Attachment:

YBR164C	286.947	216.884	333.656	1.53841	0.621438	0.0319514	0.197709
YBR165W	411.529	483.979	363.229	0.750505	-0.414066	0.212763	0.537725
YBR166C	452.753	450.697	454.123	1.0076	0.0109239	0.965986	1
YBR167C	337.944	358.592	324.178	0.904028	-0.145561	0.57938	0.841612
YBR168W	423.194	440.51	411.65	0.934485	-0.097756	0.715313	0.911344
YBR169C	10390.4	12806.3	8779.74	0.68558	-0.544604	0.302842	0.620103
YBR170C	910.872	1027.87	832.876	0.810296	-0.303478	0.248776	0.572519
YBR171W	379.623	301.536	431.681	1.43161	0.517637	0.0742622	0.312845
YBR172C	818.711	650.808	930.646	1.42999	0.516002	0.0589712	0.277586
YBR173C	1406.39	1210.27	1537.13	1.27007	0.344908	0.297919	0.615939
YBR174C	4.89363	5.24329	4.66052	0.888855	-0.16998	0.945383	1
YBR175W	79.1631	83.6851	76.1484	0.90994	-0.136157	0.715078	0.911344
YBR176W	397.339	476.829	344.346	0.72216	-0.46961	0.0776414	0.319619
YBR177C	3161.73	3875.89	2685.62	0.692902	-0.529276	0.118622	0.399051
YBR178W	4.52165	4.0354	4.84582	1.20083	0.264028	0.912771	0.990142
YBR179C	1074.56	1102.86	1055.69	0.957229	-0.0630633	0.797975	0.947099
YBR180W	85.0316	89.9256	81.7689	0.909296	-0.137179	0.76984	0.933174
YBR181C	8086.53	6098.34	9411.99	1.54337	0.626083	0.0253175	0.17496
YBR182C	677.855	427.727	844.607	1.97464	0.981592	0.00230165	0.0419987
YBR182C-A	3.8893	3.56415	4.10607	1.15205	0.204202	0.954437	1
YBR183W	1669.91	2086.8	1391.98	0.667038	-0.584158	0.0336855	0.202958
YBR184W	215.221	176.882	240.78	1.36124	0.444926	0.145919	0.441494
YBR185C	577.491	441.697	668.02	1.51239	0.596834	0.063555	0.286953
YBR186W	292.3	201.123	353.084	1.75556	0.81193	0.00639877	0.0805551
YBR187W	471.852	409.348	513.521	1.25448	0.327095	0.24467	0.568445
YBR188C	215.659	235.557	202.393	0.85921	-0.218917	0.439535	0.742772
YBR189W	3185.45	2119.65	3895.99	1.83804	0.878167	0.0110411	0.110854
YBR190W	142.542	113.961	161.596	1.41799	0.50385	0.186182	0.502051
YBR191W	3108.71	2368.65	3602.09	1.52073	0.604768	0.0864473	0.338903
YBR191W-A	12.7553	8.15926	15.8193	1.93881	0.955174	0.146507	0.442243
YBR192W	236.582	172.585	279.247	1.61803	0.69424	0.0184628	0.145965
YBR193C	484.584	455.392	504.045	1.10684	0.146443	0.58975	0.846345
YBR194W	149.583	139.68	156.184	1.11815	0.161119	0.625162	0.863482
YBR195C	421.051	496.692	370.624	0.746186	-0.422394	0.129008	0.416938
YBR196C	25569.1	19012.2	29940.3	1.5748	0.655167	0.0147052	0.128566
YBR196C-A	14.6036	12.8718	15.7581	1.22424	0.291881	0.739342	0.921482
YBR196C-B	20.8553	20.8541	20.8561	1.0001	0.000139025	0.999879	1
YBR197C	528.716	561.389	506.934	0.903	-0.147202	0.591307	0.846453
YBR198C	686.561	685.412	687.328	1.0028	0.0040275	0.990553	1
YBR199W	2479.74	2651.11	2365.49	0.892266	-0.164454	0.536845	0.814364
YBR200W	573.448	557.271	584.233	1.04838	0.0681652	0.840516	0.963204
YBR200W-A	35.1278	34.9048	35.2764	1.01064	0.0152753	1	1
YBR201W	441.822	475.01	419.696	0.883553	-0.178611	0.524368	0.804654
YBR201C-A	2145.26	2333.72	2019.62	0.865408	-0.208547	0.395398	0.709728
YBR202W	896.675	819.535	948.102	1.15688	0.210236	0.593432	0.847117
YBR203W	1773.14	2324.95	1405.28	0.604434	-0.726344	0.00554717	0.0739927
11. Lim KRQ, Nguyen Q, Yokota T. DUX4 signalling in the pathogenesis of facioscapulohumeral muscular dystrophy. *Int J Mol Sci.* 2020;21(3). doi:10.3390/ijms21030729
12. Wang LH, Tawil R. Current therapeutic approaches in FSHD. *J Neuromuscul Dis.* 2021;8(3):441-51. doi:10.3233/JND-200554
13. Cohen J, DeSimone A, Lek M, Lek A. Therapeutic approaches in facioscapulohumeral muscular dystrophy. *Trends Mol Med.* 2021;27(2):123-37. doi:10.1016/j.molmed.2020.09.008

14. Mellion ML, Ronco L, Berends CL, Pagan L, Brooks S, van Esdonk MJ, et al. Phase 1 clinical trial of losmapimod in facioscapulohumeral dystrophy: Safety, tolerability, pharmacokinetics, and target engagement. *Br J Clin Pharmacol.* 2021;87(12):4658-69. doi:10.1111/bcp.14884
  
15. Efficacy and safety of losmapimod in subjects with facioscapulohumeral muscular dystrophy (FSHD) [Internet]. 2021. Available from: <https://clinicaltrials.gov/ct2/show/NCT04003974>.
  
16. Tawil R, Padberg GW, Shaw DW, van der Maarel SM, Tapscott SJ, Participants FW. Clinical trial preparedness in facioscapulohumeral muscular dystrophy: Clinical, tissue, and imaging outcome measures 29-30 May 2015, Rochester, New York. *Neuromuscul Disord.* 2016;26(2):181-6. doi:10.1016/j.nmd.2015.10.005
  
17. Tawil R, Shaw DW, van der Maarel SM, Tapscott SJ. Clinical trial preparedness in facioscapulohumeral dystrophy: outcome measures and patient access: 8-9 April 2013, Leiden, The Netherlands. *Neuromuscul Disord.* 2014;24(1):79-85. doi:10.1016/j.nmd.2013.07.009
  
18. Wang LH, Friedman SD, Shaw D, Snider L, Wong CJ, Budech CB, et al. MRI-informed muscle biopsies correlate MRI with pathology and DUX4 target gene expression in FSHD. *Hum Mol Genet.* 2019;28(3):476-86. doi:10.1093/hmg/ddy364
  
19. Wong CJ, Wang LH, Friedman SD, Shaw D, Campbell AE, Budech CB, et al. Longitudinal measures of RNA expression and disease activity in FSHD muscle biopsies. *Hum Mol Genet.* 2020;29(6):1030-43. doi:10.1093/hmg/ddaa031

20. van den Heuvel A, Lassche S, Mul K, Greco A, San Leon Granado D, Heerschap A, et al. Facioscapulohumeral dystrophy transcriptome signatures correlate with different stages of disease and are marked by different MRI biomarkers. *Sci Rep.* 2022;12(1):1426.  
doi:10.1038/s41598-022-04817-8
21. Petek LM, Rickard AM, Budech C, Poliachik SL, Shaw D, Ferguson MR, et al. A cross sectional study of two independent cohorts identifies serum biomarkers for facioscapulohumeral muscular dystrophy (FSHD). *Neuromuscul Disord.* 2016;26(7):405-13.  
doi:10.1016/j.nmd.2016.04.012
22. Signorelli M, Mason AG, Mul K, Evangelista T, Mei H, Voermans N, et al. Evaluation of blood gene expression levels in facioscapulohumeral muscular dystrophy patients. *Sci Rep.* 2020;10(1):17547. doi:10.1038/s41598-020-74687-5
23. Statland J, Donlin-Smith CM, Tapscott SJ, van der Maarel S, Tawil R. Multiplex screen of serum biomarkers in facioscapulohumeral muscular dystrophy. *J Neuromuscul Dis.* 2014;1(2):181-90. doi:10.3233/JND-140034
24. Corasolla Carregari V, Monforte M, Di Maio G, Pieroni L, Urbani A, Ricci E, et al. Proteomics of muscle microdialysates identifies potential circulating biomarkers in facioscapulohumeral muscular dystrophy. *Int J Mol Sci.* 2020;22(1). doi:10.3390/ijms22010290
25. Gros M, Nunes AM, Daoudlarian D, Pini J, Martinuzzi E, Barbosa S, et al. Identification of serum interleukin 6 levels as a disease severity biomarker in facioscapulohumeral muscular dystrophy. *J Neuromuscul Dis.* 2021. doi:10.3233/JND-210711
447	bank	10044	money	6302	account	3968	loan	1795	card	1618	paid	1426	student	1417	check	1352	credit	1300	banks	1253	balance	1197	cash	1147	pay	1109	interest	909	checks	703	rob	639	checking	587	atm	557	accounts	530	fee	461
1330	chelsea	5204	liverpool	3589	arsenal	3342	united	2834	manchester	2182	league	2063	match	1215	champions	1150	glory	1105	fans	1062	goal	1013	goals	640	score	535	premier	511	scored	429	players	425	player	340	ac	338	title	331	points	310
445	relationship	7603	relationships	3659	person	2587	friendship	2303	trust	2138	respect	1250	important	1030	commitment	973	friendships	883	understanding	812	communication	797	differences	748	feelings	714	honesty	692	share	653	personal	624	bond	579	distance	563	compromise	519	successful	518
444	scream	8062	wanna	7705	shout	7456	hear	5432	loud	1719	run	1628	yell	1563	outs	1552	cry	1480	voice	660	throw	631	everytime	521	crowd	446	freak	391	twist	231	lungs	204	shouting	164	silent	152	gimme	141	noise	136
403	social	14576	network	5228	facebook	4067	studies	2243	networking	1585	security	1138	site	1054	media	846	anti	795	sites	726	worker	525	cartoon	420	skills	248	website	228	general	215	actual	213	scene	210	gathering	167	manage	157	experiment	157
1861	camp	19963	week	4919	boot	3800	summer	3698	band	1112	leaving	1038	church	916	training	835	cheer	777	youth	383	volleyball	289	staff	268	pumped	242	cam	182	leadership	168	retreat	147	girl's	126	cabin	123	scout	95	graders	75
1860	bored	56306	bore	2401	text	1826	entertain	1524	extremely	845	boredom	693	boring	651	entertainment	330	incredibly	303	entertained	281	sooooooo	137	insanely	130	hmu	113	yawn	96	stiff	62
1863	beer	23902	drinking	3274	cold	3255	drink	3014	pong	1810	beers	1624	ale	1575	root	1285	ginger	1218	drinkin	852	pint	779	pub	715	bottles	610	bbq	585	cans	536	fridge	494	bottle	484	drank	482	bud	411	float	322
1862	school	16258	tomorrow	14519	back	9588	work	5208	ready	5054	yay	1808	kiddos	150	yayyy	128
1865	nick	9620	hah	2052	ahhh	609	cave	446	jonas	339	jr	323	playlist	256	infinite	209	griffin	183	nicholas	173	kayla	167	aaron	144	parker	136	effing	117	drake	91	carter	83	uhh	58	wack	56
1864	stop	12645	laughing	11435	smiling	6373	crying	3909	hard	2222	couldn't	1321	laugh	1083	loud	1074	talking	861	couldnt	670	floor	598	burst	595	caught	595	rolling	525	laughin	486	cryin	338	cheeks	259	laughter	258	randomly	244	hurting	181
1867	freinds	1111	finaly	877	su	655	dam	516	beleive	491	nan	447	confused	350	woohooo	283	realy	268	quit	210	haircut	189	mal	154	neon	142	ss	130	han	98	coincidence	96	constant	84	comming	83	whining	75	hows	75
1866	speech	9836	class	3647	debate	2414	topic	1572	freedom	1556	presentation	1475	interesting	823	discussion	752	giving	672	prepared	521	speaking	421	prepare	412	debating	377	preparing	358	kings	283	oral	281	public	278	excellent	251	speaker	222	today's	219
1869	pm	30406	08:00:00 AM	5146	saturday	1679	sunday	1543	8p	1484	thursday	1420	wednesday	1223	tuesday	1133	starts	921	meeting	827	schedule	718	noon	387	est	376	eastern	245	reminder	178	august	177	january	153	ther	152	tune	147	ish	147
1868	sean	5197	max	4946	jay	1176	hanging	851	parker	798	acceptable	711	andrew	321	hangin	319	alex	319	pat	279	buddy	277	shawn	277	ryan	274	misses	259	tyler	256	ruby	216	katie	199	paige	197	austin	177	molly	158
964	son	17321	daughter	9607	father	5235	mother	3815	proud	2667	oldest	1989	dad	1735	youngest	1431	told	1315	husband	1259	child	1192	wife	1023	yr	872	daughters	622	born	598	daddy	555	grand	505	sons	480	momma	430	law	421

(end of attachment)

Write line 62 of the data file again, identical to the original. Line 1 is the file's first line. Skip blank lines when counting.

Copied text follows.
24. Corasolla Carregari V, Monforte M, Di Maio G, Pieroni L, Urbani A, Ricci E, et al. Proteomics of muscle microdialysates identifies potential circulating biomarkers in facioscapulohumeral muscular dystrophy. *Int J Mol Sci.* 2020;22(1). doi:10.3390/ijms22010290